The research paper ‘Elite philanthropy in the United States and the United Kingdom in the new age of inequalities’ conducted by Newcastle University Business School and the University of Bath School of Management, concluded that the super-wealthy have failed significantly to benefit poor countries in the developing world, contrary to popular belief.
Elite philanthropists have done little to redistribute wealth from rich to poor, helping perpetuate social inequalities rather than demolish them. The researchers showed that elite philanthropy supports elite causes and institutions, with donors receiving honours, distinctions and favourable media coverage.
The incentives for philanthropists include the amassing of "social and cultural capital", such as receiving honours like knighthoods for their services to charity and tax advantages.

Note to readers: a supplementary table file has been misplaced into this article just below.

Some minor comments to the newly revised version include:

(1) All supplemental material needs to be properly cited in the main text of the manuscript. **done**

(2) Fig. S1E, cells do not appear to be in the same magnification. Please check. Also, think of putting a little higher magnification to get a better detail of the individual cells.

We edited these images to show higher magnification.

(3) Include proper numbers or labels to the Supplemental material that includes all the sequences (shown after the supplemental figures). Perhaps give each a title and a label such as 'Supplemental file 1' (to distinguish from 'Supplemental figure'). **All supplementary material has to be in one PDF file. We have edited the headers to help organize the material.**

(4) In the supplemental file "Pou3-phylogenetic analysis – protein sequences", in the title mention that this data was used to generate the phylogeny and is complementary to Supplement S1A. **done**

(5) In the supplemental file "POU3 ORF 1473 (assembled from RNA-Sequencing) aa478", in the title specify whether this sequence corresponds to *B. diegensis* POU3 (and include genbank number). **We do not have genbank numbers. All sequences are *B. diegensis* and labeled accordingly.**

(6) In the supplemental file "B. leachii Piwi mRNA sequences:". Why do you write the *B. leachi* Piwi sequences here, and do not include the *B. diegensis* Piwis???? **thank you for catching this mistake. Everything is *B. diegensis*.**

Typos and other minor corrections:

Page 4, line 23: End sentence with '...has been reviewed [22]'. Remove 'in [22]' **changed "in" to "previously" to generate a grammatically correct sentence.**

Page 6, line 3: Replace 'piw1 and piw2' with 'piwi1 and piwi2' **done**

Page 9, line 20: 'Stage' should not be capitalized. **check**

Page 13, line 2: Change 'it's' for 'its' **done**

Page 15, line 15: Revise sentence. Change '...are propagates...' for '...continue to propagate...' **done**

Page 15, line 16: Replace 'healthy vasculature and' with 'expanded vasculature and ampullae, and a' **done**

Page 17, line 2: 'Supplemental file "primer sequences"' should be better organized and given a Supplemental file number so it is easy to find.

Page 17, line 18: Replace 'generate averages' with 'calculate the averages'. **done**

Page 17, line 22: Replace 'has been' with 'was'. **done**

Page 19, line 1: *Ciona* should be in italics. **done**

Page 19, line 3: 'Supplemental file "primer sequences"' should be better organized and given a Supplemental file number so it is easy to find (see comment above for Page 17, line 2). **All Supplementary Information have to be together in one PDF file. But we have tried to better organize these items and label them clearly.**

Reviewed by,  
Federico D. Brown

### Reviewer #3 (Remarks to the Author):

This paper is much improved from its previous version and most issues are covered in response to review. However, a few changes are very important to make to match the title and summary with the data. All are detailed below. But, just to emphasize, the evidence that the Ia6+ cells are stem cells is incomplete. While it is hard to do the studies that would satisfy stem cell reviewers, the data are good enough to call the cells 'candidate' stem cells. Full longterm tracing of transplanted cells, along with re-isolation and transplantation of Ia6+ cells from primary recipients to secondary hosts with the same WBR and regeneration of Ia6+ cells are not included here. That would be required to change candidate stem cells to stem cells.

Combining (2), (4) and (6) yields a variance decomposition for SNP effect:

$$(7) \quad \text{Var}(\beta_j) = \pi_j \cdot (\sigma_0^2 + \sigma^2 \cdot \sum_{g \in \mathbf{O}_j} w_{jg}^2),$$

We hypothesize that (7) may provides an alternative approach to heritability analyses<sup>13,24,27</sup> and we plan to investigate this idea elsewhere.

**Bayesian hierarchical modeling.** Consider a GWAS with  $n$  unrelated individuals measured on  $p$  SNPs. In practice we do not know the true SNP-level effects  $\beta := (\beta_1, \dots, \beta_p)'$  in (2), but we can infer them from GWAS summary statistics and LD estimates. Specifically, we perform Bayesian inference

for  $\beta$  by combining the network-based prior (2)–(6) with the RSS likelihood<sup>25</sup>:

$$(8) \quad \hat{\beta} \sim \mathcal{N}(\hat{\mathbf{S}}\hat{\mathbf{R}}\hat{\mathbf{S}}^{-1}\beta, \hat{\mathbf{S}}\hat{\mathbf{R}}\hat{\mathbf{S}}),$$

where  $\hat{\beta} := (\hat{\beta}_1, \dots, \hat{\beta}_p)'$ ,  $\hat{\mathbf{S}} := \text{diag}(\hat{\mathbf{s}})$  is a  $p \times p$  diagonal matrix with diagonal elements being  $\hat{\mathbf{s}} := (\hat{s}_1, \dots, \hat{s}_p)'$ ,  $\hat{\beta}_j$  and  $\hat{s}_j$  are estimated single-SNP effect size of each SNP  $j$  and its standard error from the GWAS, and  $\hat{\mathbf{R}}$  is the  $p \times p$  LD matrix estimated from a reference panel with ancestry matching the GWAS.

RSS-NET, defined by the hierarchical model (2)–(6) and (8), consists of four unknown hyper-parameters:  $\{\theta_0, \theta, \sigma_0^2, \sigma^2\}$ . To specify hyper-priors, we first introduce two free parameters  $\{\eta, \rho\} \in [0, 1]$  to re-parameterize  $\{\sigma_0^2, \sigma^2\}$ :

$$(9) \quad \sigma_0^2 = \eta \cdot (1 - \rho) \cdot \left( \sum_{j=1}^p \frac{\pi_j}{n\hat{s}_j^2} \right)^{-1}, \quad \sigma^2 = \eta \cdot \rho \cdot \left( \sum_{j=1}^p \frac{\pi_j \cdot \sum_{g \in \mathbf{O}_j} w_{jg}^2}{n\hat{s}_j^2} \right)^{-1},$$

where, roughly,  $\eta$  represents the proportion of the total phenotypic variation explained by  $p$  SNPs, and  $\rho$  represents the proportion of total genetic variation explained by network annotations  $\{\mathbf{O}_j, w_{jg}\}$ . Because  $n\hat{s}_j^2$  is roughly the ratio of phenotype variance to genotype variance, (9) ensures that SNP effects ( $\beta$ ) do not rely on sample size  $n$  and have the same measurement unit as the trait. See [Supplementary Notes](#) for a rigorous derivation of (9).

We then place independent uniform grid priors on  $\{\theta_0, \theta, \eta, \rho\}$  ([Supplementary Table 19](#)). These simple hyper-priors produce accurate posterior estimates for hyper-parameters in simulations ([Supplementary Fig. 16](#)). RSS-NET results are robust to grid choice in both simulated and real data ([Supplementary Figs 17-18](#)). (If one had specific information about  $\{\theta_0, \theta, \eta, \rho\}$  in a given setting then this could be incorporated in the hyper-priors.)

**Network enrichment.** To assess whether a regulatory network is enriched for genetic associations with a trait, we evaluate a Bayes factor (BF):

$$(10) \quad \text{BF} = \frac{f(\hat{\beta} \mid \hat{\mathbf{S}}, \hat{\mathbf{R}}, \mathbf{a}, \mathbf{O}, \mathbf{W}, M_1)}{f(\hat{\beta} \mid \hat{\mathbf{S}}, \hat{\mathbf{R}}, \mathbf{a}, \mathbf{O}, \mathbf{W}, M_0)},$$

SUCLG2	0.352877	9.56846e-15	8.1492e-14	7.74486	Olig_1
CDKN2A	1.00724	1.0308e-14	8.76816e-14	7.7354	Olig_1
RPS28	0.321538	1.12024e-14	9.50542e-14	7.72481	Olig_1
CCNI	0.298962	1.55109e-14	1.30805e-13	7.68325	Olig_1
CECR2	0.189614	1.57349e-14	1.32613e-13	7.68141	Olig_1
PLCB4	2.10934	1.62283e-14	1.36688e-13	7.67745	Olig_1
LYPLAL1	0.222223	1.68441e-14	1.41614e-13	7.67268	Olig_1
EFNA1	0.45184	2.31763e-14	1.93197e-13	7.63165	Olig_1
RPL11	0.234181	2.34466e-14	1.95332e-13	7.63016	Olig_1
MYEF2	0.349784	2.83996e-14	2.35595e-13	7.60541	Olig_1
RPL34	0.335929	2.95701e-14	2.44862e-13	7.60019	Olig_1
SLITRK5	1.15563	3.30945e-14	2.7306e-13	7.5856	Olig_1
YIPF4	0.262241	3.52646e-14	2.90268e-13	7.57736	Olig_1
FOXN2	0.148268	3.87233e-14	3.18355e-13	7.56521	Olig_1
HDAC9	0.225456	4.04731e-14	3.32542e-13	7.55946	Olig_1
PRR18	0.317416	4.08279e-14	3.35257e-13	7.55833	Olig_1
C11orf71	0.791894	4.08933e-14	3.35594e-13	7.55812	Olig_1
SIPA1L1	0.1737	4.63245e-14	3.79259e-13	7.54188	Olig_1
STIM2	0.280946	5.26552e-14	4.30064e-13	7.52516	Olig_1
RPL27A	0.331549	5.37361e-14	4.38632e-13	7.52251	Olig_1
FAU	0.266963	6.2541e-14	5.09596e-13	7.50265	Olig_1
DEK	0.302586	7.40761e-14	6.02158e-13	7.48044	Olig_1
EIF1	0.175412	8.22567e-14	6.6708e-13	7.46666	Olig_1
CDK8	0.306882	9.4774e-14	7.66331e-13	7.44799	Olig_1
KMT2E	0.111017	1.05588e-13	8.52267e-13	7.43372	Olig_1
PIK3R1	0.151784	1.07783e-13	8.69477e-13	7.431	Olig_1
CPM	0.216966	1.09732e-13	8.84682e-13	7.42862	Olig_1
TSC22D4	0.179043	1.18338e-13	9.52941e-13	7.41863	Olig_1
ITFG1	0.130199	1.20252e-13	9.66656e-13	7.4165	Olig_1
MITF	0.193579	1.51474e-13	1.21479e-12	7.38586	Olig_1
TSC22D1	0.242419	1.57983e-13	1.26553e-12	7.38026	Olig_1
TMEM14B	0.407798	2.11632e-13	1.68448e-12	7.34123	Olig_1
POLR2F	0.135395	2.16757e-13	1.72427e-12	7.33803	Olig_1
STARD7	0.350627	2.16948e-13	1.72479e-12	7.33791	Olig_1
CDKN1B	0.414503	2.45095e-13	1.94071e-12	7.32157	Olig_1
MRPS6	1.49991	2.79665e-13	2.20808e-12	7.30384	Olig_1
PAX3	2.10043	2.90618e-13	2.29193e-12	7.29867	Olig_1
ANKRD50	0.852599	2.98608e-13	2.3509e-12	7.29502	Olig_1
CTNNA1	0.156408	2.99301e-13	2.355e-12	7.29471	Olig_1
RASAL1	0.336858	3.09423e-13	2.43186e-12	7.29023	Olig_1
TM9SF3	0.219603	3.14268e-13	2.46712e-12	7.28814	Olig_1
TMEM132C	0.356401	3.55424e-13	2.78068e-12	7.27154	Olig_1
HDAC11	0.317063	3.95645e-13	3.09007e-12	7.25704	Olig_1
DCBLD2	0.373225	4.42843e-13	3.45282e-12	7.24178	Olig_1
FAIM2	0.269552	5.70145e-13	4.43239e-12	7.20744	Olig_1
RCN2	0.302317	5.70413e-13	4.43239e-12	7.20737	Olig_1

Professor Charles Harvey, one of the authors of the research, commented: “In both the US and UK, philanthropists have their giving power boosted by being able to offset their donations against their tax bills.
"This looks, on the face of it, like a good thing to encourage giving. But it means those funds can be diverted into areas in which they have an interest or wish to exert influence or gain prestige. They, rather than governments, are effectively deciding how and where their taxes should be spent”.
The study found that the very largest philanthropic donations typically are not employed directly to fund activities or infrastructure projects, but to investigate or supplement pools of capital that generate future income streams.
These pools are held either by intermediaries controlled by donors or by the trustees of beneficiary organisations that include universities, hospitals, museums and performing arts organisations.